From Fair to Factory Floor, Energy Talk Dominates
ROCHESTER, N.Y. -- Three more events Wednesday in the 25th district, and three more examples of how the energy issue is having an impact on politics at the ground level.
Capitol Briefing spent the day trailing GOP candidate Dale Sweetland around the district, visiting a company that supplies industrial hoses, a dairy plant and a county fair. At all three stops, Sweetland encountered people with specific complaints about how the high cost of energy is hurting, or altering, the way they do business. And Sweetland said that was fairly typical of his experiences on the campaign trail.
"That's what people are talking about most when I'm out there," Sweetland said.
At the Liverpool headquarters of JGB Enterprises, a company that assembles and supplies hoses and hose assemblies to commercial customers and the military, gasoline prices have made it more costly for them to ship their wares.
"It's been a significant hit for us, particularly with the freight companies," said Bob Zywicki, the company's president. "And manufacturers around the country are hitting us with price increases."
Zywicki, who supports Sweetland in the House race, suggests that a combination of new oil drilling and alternative fuels is the best solution for the current crisis. "If all the tree-huggers hadn't been blocking the way, we wouldn't have all the troubles we're having now," he said.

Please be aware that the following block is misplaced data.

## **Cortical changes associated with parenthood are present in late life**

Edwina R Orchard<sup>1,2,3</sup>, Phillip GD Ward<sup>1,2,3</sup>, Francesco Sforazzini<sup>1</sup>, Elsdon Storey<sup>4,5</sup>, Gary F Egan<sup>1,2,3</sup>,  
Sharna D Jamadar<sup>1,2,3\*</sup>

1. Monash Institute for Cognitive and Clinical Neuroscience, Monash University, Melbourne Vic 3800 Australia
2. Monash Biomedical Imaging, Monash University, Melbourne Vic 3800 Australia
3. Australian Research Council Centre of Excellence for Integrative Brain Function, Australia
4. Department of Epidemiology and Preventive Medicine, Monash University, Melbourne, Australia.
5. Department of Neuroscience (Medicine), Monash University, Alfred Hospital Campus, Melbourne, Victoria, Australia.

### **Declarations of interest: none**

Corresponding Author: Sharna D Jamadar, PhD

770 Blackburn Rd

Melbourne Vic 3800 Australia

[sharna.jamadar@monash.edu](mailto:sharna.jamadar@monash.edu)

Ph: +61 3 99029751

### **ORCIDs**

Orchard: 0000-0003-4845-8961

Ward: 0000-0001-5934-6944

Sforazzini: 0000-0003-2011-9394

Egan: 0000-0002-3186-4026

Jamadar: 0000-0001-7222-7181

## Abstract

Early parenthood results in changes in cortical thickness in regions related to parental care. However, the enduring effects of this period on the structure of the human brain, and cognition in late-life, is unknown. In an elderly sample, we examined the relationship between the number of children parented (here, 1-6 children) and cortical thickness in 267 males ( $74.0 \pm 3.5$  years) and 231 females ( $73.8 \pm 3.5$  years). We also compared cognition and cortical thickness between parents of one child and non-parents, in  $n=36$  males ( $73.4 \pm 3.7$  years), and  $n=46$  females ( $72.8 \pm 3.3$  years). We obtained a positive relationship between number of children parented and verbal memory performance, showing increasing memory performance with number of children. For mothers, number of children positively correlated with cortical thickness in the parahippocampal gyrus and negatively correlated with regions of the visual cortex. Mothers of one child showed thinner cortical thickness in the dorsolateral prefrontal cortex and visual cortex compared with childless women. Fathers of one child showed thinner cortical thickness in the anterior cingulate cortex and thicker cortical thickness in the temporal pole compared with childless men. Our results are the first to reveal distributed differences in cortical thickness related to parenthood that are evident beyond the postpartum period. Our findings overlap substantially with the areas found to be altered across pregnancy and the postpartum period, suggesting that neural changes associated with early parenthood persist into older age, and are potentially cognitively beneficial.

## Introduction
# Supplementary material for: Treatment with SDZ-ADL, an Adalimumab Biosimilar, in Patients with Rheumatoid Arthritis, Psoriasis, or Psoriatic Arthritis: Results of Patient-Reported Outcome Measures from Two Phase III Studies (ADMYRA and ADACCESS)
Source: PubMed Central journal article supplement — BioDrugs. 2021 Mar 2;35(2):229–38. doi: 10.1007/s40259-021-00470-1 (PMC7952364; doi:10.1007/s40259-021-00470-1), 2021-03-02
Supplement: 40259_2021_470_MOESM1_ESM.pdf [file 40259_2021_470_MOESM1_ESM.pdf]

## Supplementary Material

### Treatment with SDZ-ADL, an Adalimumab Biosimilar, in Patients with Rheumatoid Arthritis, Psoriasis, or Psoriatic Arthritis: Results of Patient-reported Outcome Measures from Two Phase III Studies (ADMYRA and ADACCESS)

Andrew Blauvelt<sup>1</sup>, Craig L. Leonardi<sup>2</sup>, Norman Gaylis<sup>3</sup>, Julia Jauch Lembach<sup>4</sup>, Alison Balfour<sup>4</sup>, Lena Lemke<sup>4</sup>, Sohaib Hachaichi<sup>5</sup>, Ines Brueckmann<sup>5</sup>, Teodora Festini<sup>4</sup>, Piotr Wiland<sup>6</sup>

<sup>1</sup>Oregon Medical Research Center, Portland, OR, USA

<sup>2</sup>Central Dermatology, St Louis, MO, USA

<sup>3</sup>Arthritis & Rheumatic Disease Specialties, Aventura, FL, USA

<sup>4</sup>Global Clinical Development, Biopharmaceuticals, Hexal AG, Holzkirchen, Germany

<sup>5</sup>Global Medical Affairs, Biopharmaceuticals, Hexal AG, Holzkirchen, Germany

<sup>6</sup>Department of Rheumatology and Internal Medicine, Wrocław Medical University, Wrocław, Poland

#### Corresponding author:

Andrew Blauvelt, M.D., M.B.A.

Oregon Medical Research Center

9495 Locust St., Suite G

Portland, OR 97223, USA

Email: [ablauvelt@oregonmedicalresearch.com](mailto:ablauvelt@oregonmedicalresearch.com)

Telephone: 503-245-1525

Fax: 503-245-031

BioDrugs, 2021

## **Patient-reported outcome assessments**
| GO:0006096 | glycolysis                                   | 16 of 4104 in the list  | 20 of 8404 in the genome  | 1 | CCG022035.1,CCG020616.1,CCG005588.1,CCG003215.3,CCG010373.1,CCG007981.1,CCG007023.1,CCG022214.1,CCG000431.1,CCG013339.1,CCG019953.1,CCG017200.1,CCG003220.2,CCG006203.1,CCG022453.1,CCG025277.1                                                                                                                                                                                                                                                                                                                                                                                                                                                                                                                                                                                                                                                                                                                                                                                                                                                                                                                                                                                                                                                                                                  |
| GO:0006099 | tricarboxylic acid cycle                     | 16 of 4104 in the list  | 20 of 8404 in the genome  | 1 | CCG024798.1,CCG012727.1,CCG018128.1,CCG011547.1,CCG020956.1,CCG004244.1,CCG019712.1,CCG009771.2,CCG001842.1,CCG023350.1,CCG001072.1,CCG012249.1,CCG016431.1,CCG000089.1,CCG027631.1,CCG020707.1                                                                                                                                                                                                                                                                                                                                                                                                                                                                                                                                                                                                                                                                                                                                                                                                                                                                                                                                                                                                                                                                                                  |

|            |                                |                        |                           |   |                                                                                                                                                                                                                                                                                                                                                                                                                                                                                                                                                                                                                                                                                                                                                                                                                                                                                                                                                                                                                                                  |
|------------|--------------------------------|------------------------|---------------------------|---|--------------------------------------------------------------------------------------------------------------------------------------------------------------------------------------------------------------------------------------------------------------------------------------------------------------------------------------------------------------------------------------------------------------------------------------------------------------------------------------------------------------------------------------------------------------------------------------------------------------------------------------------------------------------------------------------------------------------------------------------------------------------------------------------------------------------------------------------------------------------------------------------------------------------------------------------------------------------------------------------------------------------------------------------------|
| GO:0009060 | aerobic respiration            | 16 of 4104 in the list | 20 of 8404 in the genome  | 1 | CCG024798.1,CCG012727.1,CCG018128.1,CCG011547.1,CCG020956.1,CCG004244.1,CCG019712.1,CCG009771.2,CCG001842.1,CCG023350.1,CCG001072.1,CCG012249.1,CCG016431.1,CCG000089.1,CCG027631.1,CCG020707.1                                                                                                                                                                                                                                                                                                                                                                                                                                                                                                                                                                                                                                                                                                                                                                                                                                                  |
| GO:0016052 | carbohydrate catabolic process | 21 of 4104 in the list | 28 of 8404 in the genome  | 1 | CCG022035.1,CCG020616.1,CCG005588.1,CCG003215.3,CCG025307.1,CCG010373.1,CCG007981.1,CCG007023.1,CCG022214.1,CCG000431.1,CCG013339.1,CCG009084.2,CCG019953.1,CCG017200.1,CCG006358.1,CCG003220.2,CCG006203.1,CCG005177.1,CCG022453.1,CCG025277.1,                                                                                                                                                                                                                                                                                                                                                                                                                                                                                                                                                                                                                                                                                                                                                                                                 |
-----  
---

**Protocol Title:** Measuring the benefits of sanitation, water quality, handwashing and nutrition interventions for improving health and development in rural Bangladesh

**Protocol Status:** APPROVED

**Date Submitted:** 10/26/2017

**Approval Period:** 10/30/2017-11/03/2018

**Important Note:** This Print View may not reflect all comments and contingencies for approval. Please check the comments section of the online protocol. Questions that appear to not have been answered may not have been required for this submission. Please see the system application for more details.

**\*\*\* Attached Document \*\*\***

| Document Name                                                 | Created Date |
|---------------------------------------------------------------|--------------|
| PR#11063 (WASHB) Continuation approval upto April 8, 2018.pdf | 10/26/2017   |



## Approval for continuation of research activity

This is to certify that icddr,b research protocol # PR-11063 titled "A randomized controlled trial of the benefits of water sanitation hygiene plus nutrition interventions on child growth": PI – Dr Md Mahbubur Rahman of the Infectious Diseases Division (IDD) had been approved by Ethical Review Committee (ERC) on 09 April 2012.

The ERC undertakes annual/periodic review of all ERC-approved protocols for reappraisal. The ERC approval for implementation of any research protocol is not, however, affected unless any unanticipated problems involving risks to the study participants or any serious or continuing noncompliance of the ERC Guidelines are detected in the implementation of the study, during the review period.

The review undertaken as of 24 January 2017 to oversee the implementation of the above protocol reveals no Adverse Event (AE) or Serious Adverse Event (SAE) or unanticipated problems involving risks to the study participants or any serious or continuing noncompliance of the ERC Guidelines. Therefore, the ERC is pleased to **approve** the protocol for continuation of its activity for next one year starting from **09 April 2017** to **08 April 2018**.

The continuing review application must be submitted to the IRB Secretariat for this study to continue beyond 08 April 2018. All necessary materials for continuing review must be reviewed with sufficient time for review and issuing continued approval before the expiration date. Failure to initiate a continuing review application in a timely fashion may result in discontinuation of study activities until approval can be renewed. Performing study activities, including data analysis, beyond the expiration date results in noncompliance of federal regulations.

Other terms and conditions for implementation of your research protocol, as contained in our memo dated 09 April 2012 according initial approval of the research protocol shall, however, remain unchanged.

The next stop was Byrne Dairy in Syracuse, where milk from surrounding farms -- 10 million pounds of it a month -- is processed and bottled. The business is growing rapidly and adding employees, but high energy prices are changing the economics of the business.
"Energy costs are brutal. It's very hard to be competitive," said Nick Marsella, the company's vice president of production. He said that twice in the last six months, the company has had to raise the price it charges farmers to haul their milk from their farms to the plant. Those two quick increases came after the price had stayed the same for about five years.
The afternoon's itinerary ended with a visit to the Wayne County Fair, in the more rural -- and Republican -- portion of the district in between Syracuse and Rochester. The conversation there wasn't actually dominated by talk of energy prices. Visitors seemed more interested in checking out the prize-winning cows and sheep and discussing their concerns that the ring where the top heifers would be shown off later on was a bit too small to accomodate an audience. And high gas prices don't seem to have driven up the cost of funnel cake, thankfully.
But there was some talk of energy, not just about high prices but also about the opportunities and new markets opening up as a result. Steve Olson, who works for the U.S. Department of Agriculture's Agricultural Marketing Service, was at the fair showing off some goats raised on his farm in Lyons. He raises them for meat, not for milking, and hopes to raise more to feed the appetites of the local Asian, Caribbean and Muslim population.
Unlike cows or pigs, goats don't need to eat grain or corn, which has become much more expensive as demand for ethanol has grown. Goats, Olson said, are the animal equivalent of garbage disposals, so they're cheap to feed.
"This is perfect," he said. "They'll take grass. Poison ivy. Canadian thistles. They'll eat anything."
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